The Impacts of a Sales & Net Income Decline on the Cash-Flow

by Carol Deeb

Analyzing the financial health of your business is important to the continuation and growth of your enterprise. Understanding how your sales and net income impact your cash flow helps you to qualify for loans and investor funding to expand your business. If your company is experiencing a decline in sales and net income, your cash flow can suffer, forcing your to consider a different marketing approach or business model.


Net sales, or sales revenue, is the amount of money made by the movement of products or services to customers minus any returns. Net sales minus the cost to buy or manufacture the products is the gross profit amount. Sales are key in determining a company's financial status. If products or services are not being sold at a price or volume to support operating and other expenses, a business cannot survive or thrive, especially in a down economy. Therefore, tracking net sales by source, such as representative or online store, is vital to understanding where your revenue is generated and how to increase it.

Net Income

Net income is calculated by subtracting the operating expenses, such as salaries and rent, from your gross profit, which is based on your sales revenue. Net income tells you if your business is profitable. This does not indicate the amount of cash that you have on hand, but whether your sales can support what you need to run your business. If not, then you may have to increase the price of your products or explore how to obtain them for less. Otherwise, you will be forced to decrease your staff and other large expenses or evaluate the wages that you pay.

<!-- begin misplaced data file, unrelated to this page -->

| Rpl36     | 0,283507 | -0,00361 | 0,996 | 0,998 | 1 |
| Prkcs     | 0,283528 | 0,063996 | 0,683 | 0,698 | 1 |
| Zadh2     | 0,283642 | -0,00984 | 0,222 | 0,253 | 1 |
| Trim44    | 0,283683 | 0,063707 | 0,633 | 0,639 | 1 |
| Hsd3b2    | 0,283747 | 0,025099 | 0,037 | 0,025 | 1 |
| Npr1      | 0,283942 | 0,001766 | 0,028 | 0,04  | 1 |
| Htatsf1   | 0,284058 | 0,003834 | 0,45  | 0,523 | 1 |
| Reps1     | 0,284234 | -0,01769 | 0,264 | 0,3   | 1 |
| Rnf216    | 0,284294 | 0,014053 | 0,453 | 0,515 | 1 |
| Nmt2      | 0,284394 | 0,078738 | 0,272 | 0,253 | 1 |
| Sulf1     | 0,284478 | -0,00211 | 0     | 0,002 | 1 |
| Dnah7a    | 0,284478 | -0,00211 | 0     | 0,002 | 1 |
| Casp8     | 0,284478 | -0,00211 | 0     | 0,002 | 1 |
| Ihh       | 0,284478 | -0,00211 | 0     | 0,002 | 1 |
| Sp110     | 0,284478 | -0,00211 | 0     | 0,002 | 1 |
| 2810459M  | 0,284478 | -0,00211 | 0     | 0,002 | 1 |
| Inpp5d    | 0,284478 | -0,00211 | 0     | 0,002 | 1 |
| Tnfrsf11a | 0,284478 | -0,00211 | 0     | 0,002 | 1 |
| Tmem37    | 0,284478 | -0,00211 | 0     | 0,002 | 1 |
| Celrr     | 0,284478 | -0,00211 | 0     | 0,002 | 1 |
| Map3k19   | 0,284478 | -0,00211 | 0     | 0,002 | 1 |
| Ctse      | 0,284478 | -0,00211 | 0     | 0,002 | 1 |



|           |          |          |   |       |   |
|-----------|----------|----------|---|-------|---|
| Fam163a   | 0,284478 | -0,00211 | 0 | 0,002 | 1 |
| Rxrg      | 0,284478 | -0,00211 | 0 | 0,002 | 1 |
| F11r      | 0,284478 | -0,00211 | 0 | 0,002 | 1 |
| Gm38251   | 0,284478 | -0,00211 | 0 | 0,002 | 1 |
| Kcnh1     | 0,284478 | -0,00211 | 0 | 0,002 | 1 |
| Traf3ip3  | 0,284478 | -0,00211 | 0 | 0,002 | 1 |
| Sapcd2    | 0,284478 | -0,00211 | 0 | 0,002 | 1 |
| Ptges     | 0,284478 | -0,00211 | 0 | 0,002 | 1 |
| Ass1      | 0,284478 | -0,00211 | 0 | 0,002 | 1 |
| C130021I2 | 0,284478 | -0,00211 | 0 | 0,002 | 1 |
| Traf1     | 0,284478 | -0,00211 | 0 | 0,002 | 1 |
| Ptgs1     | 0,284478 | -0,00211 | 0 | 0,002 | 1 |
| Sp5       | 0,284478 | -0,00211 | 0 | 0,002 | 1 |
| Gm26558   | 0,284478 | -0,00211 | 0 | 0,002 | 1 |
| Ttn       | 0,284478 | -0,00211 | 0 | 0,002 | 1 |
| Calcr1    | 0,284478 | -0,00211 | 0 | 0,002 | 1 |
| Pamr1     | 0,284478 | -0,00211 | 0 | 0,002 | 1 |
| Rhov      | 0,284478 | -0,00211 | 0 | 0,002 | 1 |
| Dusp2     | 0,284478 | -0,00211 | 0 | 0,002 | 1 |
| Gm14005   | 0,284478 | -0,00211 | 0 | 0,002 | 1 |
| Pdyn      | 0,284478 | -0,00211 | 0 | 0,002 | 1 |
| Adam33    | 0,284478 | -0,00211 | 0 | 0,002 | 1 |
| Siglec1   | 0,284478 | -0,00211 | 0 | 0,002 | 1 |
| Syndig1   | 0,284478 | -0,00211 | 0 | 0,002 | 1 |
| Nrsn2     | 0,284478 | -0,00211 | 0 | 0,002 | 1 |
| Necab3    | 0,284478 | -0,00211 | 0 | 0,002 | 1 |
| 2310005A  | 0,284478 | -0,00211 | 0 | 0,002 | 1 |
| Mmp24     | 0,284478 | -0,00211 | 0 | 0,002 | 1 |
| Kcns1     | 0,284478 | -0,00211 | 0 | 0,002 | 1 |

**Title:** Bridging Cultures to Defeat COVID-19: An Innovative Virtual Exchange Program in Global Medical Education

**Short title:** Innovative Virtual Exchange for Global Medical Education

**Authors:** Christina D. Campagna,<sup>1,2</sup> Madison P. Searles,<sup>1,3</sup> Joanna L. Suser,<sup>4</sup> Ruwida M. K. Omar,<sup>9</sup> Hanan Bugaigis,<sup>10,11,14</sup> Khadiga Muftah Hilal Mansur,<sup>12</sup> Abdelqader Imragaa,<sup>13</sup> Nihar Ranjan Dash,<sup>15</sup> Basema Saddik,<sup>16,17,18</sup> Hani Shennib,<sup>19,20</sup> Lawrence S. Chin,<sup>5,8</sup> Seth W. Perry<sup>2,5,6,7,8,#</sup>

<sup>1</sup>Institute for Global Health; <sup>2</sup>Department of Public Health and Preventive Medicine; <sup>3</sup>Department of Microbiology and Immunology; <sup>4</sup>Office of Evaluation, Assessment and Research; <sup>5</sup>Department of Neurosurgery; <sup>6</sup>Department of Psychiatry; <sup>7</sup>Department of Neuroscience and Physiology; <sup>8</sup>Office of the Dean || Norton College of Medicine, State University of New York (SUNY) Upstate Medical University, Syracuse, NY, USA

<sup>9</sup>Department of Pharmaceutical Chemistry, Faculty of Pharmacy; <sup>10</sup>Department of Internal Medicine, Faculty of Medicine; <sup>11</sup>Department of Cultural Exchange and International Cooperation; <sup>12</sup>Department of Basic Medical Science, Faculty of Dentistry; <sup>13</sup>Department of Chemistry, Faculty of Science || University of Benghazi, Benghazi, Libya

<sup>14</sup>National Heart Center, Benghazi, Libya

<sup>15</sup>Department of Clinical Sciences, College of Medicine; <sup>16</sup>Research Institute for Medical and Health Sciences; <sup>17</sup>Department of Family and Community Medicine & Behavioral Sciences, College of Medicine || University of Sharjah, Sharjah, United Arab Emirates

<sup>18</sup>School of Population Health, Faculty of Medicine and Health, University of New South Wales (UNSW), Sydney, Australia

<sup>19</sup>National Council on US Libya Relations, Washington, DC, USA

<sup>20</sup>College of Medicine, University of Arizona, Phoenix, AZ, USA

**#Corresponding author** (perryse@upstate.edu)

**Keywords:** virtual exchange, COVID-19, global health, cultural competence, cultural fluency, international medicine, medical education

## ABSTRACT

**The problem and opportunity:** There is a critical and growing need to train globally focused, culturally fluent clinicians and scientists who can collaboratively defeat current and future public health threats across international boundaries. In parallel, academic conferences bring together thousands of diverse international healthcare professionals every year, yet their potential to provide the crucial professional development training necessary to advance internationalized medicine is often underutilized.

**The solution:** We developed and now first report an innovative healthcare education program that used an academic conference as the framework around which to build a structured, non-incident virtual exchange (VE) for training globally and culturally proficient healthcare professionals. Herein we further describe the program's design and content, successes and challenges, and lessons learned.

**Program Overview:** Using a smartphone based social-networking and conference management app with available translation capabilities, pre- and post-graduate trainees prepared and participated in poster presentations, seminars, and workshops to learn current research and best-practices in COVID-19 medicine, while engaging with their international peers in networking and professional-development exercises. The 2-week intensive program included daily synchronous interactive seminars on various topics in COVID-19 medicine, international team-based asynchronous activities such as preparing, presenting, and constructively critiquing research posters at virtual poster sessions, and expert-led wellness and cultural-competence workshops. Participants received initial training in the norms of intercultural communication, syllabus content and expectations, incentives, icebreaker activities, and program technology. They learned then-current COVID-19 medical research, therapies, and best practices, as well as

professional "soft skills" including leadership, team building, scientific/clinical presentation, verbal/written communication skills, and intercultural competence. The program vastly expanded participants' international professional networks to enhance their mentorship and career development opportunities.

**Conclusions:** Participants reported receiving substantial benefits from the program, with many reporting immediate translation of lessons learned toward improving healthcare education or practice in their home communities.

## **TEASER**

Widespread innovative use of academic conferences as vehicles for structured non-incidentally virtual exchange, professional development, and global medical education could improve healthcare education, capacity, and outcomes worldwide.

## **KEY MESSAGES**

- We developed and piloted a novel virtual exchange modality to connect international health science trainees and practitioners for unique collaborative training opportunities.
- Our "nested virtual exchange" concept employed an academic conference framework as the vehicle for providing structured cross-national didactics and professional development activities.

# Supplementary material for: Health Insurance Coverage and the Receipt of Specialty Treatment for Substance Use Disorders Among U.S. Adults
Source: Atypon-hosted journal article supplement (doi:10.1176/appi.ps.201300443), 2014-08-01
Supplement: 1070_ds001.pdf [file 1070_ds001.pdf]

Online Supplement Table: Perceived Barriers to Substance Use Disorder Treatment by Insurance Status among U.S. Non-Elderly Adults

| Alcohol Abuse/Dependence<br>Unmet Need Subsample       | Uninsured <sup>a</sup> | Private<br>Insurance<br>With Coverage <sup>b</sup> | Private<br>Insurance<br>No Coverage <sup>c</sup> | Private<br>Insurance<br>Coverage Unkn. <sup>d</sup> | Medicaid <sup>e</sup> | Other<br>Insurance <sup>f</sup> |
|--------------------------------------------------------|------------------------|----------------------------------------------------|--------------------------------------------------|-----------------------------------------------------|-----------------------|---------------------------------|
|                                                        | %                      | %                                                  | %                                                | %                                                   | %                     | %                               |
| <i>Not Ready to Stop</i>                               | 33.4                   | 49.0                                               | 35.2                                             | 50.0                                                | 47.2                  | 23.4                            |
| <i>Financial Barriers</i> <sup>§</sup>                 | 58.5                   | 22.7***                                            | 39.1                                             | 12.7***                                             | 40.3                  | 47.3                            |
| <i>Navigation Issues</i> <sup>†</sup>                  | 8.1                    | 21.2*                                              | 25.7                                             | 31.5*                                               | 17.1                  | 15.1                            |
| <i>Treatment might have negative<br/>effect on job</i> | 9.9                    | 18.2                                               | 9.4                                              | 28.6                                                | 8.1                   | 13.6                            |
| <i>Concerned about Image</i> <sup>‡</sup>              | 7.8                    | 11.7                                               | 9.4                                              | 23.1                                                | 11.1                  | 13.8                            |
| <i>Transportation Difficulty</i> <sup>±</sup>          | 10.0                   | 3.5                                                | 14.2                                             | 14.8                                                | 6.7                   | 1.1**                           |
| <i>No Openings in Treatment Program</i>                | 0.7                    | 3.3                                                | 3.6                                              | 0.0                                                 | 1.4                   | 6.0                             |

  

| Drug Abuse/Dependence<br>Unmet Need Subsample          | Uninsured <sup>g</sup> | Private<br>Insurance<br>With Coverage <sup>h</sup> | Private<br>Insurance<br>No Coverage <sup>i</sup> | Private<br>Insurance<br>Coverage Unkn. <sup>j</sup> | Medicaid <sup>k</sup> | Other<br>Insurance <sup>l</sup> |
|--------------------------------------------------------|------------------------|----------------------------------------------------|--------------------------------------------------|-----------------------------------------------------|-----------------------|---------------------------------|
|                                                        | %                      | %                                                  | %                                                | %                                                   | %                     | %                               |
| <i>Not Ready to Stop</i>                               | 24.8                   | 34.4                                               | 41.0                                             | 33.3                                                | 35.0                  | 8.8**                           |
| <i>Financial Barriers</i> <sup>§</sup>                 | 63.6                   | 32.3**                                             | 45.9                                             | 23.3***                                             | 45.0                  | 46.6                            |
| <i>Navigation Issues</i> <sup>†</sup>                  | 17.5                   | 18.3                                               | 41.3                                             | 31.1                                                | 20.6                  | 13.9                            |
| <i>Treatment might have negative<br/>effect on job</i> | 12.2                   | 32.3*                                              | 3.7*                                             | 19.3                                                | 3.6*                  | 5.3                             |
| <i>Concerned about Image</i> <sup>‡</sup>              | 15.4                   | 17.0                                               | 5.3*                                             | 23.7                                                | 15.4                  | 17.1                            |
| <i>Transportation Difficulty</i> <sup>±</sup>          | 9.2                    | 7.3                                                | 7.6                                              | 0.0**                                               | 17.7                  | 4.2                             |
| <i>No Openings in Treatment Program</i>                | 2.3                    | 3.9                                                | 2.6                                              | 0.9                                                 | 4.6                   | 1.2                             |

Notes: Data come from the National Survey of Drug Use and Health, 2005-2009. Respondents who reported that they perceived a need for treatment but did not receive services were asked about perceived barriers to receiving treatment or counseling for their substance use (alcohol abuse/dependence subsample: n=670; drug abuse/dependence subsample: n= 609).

Cash Flow

Cash flow is the amount of money that is received and spent by your business. Incoming cash flow is realized through operations, investments and financing. Sales revenue is the portion of cash flow through operations. Once your net income is determined based on your net sales amount, you must make adjustments to find your accurate cash flow. Depreciation of assets, accounts payable and accounts receivable are examples of the adjustments added or subtracted to determine actual cash flow. Depreciation reduces your tax burden, so the amount is added to net income. However, accounts receivable that have not been paid decrease your cash flow.


When sales and, consequently, net income decline, the impact on cash flow can be detrimental to your business. Without available cash to pay your creditors, purchase inventory and equipment, or pay your sales and support staff, your business may not be able to survive for a long period of time. If you compare your cash flow amounts from month to month, there should be an overall increase or, in a down economy, a steady cash flow can be acceptable. When you experience a cash flow decline, it may indicate that your business activities cannot be supported by your current volume of sales and net income.

About the Author

Carol Deeb has been an editor and writer since 1988. Her work has appeared in magazines, newspapers and online publications, as well as a book on education. Deeb is a real-estate investor and business owner with professional experience in human resources. She holds a Bachelor of Arts in English from San Diego State University.

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